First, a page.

Alderwoman, police chief exchange barbs
Criticism from alderwoman Roxanne Hinton about police procedure during pursuits led to a heated exchange of words between her and Police Chief Melvin Taber during Monday night's meeting of the Sweet Springs Board of Aldermen.
Hinton began the exchange by suggesting the police call off all pursuits until police officers could get more training. She mentioned a recent pursuit which left a Sweet Springs police vehicle damaged.
"I wanted to talk about hot pursuits. Since I've been on council I know of five and only in one case have we ever caught the individual we were pursuing. But two (police) cars were towed away," said Hinton. "I would like to make a motion we stop all hot pursuits until they get training. I think it's only reasonable that you get the proper training."
Hinton's comments got a response from both Chief Taber and Sweet Springs police officer Gary Sherrell - the officer who was driving a police vehicle which was damaged during a chase.
"I would like to voice an opinion that I've already had the training in the academy," said Sherrell.
"This has been brought up in the past and the city voted to adopt the state statute for hot pursuits," added Taber. "This officer did everything he was trained to do."
Hinton then went on to question specific police actions, claiming there were violations of proper police procedure during the chase.
"It says you're not supposed to follow too close and not pursue if he went into opposing traffic," said Hinton. "I know this sounds like I'm trying to build a case against you, but I want to know the answer. I want to know why they didn't call for assistance.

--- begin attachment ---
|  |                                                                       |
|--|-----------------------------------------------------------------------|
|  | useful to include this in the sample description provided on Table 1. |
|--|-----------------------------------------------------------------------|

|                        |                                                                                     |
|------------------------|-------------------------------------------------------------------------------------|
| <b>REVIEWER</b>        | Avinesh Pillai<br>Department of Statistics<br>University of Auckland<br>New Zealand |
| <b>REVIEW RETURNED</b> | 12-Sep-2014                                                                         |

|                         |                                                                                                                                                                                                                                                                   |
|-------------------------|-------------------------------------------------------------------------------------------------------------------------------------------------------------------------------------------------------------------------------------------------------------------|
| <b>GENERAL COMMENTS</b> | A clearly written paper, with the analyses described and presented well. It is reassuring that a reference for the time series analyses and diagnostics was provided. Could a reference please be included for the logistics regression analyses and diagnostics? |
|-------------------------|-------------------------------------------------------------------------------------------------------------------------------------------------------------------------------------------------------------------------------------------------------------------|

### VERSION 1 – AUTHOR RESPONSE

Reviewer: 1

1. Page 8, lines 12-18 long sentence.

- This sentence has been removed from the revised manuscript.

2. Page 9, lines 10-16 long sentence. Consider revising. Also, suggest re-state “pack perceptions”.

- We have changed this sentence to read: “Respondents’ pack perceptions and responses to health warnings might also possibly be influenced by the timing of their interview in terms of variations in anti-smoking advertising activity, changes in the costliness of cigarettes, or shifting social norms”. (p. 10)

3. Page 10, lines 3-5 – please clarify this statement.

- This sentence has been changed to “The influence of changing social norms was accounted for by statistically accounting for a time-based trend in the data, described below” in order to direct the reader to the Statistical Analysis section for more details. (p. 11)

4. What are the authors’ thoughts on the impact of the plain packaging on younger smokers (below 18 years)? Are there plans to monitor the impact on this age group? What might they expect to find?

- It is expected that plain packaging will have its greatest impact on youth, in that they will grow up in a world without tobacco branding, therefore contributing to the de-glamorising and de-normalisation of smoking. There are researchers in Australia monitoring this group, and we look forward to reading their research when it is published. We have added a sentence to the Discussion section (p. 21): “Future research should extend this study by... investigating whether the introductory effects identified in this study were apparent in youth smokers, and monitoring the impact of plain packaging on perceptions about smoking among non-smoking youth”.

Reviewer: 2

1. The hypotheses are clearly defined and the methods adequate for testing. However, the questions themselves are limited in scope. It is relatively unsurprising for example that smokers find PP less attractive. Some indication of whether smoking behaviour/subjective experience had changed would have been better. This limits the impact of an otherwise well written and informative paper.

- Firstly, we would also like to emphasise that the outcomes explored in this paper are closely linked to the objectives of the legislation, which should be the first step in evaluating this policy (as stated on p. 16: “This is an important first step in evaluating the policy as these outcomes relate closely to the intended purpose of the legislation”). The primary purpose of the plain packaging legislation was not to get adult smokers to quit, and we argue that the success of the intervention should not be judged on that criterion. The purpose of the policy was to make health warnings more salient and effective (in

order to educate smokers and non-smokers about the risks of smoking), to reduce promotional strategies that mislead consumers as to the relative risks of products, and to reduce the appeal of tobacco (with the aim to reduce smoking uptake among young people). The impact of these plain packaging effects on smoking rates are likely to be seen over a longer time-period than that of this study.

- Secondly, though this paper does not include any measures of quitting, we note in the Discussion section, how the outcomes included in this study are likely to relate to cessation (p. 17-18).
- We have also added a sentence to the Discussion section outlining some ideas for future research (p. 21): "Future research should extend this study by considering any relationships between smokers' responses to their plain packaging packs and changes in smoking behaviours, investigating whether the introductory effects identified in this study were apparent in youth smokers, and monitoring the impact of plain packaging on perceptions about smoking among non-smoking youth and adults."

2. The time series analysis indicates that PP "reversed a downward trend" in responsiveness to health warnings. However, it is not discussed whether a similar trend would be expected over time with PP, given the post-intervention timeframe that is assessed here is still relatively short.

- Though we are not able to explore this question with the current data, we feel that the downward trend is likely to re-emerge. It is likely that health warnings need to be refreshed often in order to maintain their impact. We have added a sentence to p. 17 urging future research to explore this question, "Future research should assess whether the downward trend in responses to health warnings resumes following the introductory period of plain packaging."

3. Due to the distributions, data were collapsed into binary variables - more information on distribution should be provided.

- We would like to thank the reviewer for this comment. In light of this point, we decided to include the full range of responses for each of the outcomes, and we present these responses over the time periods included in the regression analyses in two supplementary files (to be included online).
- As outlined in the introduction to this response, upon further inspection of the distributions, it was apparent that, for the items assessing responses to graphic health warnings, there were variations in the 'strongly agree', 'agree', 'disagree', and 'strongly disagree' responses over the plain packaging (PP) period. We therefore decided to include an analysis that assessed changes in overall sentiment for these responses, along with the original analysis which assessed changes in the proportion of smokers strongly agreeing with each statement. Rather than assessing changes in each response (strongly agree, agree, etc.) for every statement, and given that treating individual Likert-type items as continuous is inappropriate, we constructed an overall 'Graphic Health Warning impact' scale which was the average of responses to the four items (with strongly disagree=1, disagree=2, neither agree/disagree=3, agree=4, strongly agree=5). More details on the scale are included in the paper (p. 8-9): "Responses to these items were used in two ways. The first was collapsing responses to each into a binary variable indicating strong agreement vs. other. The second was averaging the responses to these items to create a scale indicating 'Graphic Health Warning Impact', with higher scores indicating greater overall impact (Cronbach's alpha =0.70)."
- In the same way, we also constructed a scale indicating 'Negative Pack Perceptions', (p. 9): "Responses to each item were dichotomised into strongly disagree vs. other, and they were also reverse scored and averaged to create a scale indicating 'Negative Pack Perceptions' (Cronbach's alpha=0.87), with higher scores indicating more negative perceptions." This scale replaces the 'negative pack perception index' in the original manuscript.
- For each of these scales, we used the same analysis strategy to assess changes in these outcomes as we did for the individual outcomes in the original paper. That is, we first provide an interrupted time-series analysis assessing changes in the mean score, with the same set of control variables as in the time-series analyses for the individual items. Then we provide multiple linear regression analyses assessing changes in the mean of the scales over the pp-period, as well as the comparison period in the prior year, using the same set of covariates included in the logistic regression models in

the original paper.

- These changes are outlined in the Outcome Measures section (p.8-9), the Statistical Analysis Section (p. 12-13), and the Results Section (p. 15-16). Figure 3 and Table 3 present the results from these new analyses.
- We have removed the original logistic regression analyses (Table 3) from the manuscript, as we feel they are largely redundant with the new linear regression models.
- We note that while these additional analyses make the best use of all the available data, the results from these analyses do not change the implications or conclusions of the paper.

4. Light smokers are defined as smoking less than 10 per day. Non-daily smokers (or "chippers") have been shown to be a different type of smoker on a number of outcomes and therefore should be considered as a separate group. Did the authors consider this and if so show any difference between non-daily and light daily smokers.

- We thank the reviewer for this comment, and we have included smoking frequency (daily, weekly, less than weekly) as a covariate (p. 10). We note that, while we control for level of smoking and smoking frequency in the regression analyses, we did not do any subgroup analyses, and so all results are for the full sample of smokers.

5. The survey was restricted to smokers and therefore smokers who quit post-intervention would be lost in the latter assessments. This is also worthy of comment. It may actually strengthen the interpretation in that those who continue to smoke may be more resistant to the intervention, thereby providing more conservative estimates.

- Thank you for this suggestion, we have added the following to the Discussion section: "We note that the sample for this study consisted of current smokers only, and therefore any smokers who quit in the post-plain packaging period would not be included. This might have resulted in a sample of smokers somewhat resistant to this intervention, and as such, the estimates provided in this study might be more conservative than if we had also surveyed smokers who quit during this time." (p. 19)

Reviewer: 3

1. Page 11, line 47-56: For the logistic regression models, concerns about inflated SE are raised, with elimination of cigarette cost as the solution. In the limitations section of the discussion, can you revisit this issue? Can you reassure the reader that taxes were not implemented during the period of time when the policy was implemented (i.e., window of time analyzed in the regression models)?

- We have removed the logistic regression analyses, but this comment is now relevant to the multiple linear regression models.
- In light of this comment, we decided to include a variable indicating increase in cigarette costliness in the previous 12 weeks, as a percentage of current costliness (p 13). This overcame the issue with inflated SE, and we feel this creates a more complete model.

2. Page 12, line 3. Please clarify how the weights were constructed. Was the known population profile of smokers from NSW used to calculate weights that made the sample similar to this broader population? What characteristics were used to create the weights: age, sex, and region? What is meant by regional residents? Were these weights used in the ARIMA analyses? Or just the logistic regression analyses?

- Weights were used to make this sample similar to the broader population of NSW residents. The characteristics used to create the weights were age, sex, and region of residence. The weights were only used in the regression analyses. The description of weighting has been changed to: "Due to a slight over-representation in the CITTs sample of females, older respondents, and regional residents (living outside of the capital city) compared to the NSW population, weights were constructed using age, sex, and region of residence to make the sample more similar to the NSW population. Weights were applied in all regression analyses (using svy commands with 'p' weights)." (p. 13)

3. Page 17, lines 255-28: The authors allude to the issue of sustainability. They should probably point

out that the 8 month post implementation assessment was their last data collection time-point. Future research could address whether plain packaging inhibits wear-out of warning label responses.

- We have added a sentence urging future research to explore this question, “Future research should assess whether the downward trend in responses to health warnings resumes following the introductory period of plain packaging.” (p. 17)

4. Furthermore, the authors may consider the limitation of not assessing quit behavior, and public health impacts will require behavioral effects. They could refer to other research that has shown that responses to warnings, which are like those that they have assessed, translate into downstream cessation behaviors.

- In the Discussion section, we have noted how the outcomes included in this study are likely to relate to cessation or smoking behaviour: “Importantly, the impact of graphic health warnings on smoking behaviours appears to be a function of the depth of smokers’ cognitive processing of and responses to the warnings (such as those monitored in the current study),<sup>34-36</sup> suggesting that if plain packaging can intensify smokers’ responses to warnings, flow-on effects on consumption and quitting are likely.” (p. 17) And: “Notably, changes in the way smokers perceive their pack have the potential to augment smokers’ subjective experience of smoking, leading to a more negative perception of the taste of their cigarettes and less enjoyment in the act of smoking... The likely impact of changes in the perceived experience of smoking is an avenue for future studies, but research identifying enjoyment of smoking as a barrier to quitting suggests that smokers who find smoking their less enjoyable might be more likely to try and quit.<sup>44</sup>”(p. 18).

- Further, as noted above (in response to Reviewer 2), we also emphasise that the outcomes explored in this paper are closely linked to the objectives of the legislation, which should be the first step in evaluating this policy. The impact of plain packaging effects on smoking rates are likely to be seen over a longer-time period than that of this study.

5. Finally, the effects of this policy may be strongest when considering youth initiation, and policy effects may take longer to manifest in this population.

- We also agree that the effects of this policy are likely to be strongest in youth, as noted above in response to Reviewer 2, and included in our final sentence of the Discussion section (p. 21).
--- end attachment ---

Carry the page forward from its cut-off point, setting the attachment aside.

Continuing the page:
"I want to know why you were following so close, you were following so close you couldn't avoid the accident," she added.
Sherrell then defended his actions during the chase, proving that he did place a call to the Missouri State Highway Patrol early in the pursuit and that he followed police procedure by putting the police car into the ditch rather than hitting the suspect's vehicle and risking injury.
"I am telling you when I came over the hill the man was stopped in the middle of the road and I did what I was trained to do," said Sherrell.
Sherrell also explained that although the suspect's vehicle was noted in the Sweet Springs newspaper to have gone into opposing traffic, it had only gone onto the median, and backed up an on-ramp during the pursuit without entering into opposing lanes.
Hinton also asked if Sherrell was wearing a seat belt during the pursuit and Sherrell admitted he was not. Chief Taber pointed out that the officer's report admitted the seat belt was not worn.
The Sweet Springs Police Department remains short-handed, with no applicants applying for positions on the force. That is a difficult position for the force if officers are to be sent away for training, Taber noted.
"It sounded like you took offense earlier but I think the more training the better," noted Alderman Bill Hall.
"I don't have any problem with the training, but it's the five-day period (without staff)," Taber responded.
"It's been two to three weeks since we ran the ad and no one came up," he added. "Why would somebody want to work for the low pay to work for the department when the department has to go through this every week."
The pursuit questioned by Hinton took place outside city lines which, Taber explained, is part of a common mutual aid agreement.
In January, Hinton made a motion during an executive session of the board to cite Gary Sherrell and Sweet Springs Street Superintendent Seaton Hall in regard to remarks made over the city's radio system. That motion was supported by Alderman Larry Vick and Hinton while Alderman Maurice Cook (who was absent during Monday's meeting) opposed and Hall abstained.